In an article I wrote for the Colson Center earlier in the year, I pointed out that vision of the medieval realists was one in which everything in the cosmos portended ultimate significance and in which our images of things were posterior to how things really were in actuality. Thomas Howard summed this vision up in his Chance or the Dance? The medieval vision, he suggests,
“read vast significance into everything. Nature and politics and animals and sex — these were all exhibitions in their own way of the way things are. This mind fancied that everything meant everything, and that it all rushed up finally to heaven. We have an idea of royalty, this mind said, which we observe in our politics and which we attribute to lions and eagles, and we have this idea because there is a great King at the top of things, and he has set things thus so that our fancies will be drawn toward his royal Person, and we will recognize the hard realities of which the stuff of our world has been a poor shadow when we stumble into his royal court…. This mind saw things as images because it saw correspondences running in all directions among things. That is, the world was not a random tumble of things all appearing separately, jostling one another and struggling helter-skelter for a place in the sun. On the contrary, one thing signaled another.”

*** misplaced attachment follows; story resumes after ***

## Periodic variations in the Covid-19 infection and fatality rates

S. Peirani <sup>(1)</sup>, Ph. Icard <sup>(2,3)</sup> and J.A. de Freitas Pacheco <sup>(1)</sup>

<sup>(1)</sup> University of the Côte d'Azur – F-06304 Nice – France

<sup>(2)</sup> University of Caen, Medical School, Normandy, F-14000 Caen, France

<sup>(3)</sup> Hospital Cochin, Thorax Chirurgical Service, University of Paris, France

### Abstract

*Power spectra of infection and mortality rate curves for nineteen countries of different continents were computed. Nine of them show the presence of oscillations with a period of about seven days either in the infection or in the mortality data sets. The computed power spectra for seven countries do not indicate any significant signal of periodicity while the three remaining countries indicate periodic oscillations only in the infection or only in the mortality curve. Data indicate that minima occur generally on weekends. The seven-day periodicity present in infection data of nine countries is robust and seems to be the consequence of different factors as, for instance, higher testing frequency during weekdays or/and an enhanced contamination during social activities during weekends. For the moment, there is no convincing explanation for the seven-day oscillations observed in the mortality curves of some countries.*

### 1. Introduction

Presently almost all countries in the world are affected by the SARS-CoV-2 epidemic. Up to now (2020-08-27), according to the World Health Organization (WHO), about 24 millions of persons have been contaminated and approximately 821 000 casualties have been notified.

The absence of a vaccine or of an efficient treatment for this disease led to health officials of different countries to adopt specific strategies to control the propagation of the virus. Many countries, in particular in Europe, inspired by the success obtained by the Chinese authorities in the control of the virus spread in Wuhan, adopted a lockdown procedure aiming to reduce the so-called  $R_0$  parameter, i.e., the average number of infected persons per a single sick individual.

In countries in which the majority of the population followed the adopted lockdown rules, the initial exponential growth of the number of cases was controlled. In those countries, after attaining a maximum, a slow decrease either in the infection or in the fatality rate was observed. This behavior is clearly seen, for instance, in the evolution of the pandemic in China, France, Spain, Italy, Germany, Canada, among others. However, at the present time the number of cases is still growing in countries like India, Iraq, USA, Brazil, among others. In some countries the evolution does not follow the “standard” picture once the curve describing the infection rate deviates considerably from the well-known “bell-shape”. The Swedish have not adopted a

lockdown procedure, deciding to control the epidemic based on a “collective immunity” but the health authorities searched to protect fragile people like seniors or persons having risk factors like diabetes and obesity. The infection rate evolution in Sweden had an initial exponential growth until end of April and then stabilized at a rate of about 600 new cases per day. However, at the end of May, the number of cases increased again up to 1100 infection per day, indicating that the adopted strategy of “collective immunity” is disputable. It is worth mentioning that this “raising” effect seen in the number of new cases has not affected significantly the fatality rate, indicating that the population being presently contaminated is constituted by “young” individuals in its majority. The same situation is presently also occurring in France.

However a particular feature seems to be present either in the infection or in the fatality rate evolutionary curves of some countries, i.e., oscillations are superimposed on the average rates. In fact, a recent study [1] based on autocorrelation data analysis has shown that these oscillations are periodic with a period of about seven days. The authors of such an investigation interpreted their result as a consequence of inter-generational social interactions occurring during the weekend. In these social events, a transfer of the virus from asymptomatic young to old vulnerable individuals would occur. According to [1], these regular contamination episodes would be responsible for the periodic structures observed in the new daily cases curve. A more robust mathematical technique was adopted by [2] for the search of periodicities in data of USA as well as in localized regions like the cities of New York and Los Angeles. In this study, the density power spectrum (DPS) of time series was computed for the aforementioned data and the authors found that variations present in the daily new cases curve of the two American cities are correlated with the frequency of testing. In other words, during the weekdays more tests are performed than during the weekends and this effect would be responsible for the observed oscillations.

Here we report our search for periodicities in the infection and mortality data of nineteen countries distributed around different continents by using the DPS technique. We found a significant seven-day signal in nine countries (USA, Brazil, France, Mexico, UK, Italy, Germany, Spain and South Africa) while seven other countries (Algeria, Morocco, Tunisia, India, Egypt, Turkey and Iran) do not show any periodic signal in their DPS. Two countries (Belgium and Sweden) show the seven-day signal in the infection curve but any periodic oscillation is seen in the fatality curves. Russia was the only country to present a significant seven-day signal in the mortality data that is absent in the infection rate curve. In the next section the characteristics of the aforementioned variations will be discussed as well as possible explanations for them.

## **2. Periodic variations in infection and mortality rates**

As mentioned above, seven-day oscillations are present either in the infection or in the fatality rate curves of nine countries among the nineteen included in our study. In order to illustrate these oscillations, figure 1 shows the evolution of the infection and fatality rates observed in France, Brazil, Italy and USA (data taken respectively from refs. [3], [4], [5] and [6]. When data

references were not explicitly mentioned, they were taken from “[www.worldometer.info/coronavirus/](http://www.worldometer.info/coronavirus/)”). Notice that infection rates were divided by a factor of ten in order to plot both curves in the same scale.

By contrast, William of Ockham and his fellow nominalists challenged this ecosystem of symbols and denied the existence of universals. For them the world essentially became a random tumble of particulars, all appearing separately. Though we can look back and see in nominalism the roots of modern materialism, the original nominalists saw themselves as magnifying God.
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